In talking with friends and family members about how they manage their 401(k) investments, it's clear that investment styles are highly personal, reflecting both disposition and how much time a person has on his or her hands.
A small percentage of the 401(k) investing population is what I would classify as downright hyperactive, exemplified by my engineer neighbor, who used to spend part of his workdays day trading stocks with his buddies. Taking cues from a computer program that one of them had written, they'd jump into a stock when the market opened and be out of it later in the afternoon. (I haven't heard much about this pastime recently, so it's a good bet that the bear market has cooled the engineers' enthusiasm for day trading.)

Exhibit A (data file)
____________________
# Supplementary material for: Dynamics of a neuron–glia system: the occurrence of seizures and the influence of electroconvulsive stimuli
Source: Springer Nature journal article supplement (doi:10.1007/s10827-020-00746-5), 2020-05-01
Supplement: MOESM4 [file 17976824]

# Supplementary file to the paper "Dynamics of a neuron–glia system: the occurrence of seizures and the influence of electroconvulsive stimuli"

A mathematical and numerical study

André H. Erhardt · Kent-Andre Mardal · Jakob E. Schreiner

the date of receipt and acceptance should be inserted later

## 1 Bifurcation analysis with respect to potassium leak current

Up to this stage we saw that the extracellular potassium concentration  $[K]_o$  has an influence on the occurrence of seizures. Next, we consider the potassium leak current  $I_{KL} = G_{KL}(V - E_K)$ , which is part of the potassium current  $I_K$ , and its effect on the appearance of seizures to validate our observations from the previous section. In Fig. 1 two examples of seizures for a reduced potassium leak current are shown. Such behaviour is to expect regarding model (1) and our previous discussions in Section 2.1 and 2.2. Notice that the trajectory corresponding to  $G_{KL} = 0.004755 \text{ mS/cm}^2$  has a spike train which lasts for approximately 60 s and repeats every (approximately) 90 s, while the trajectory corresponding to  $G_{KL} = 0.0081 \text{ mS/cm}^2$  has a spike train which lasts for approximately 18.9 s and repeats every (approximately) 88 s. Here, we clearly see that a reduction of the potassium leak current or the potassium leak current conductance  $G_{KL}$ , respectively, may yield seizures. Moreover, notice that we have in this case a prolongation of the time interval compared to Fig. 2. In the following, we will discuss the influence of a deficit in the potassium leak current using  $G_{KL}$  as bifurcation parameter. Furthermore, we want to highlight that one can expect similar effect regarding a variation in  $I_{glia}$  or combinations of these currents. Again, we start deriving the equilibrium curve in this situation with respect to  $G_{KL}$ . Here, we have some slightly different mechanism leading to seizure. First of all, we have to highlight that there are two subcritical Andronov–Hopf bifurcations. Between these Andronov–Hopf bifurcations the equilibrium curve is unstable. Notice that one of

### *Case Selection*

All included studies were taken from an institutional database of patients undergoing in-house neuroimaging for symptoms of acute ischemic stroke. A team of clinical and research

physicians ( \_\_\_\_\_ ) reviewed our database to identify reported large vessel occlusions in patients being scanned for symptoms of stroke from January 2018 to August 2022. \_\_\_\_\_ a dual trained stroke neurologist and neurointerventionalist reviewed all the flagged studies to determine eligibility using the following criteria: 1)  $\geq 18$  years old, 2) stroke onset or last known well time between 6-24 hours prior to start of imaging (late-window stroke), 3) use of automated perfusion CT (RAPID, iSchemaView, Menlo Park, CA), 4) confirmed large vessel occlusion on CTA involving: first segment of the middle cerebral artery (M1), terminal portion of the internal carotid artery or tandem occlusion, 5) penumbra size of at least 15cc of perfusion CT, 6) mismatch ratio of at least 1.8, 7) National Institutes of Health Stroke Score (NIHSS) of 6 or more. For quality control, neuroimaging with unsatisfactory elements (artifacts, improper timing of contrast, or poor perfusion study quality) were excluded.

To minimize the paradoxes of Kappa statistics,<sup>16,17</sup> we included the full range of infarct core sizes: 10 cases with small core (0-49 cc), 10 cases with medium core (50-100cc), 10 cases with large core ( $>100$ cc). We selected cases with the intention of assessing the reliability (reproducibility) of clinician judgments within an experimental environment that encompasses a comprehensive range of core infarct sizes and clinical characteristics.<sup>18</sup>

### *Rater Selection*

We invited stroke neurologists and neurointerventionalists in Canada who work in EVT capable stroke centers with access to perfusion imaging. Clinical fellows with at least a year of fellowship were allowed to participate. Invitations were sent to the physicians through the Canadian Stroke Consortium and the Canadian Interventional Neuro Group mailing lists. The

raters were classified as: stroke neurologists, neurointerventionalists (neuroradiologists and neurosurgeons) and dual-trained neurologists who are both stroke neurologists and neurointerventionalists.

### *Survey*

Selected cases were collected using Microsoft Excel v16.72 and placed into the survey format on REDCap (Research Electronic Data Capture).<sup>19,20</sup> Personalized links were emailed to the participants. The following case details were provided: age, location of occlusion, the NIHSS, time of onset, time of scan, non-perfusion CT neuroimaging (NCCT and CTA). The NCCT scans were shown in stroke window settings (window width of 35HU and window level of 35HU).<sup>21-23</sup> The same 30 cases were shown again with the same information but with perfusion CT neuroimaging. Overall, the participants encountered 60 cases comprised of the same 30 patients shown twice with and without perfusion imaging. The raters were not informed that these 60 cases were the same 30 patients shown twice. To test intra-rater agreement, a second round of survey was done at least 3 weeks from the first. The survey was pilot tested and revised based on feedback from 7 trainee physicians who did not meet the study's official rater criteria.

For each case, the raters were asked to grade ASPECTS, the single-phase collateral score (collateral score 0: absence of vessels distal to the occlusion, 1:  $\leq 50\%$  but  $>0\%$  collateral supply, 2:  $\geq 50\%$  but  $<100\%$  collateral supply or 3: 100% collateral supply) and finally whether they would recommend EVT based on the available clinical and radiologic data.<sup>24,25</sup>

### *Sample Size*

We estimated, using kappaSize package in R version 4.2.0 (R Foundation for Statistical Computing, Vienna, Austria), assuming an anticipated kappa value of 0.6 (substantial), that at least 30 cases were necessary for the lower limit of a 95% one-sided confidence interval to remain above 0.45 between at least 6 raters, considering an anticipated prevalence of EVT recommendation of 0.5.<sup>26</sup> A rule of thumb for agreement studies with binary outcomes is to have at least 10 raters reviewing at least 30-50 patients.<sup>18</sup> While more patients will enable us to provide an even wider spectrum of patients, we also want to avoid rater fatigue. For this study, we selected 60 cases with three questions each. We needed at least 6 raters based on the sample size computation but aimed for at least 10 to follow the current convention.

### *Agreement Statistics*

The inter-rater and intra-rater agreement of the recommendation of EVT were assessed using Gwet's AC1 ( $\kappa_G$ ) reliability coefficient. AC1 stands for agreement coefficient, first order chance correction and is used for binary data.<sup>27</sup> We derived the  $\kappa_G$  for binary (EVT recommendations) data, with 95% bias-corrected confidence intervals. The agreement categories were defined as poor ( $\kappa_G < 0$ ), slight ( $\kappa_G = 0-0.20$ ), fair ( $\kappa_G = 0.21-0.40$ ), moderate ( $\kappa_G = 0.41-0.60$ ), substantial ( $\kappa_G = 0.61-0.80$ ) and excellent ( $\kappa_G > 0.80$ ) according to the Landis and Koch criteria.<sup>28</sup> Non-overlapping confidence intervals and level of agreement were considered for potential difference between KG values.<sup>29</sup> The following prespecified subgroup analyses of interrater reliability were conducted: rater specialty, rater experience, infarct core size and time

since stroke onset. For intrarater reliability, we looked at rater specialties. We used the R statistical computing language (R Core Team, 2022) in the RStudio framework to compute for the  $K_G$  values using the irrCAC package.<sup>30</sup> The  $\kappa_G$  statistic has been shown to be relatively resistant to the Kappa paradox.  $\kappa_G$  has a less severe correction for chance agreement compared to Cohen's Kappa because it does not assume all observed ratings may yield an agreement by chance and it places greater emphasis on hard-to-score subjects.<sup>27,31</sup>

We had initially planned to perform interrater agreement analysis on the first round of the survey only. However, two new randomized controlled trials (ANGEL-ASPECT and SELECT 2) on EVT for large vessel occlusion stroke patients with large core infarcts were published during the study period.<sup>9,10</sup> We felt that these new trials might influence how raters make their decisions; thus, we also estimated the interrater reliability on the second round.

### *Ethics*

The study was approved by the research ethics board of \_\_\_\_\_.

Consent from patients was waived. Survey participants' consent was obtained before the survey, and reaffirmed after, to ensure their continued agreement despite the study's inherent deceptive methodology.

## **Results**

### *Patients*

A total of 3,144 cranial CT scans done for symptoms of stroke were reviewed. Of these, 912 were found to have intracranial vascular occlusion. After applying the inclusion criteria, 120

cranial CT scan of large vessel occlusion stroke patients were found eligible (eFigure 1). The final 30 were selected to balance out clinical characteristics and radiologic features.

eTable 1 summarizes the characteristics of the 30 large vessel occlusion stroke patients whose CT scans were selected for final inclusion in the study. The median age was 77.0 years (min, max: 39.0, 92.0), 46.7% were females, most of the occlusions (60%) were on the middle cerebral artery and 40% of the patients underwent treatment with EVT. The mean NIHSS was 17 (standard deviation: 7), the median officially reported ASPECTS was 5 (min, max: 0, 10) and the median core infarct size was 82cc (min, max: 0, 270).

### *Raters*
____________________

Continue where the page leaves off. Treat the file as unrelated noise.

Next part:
Then there's the commitment-phobe, who's so worried about making poor choices or so unsure about her abilities that she takes tiny positions in many different investments. I've even seen 401(k) plans in which the participant selected funds geared toward multiple target dates: for example, a 10 percent position in the 2020 fund, a 10 percent stake in the 2030 fund, and so on. You can do worse things than overdiversify, and this investor may ultimately be better off than the day trader, but the commitment-phobe's strategy clearly isn't ideal, either.
Another segment of the 401(k) investing population falls into the "just can't be bothered" camp. Because of their own real or perceived ...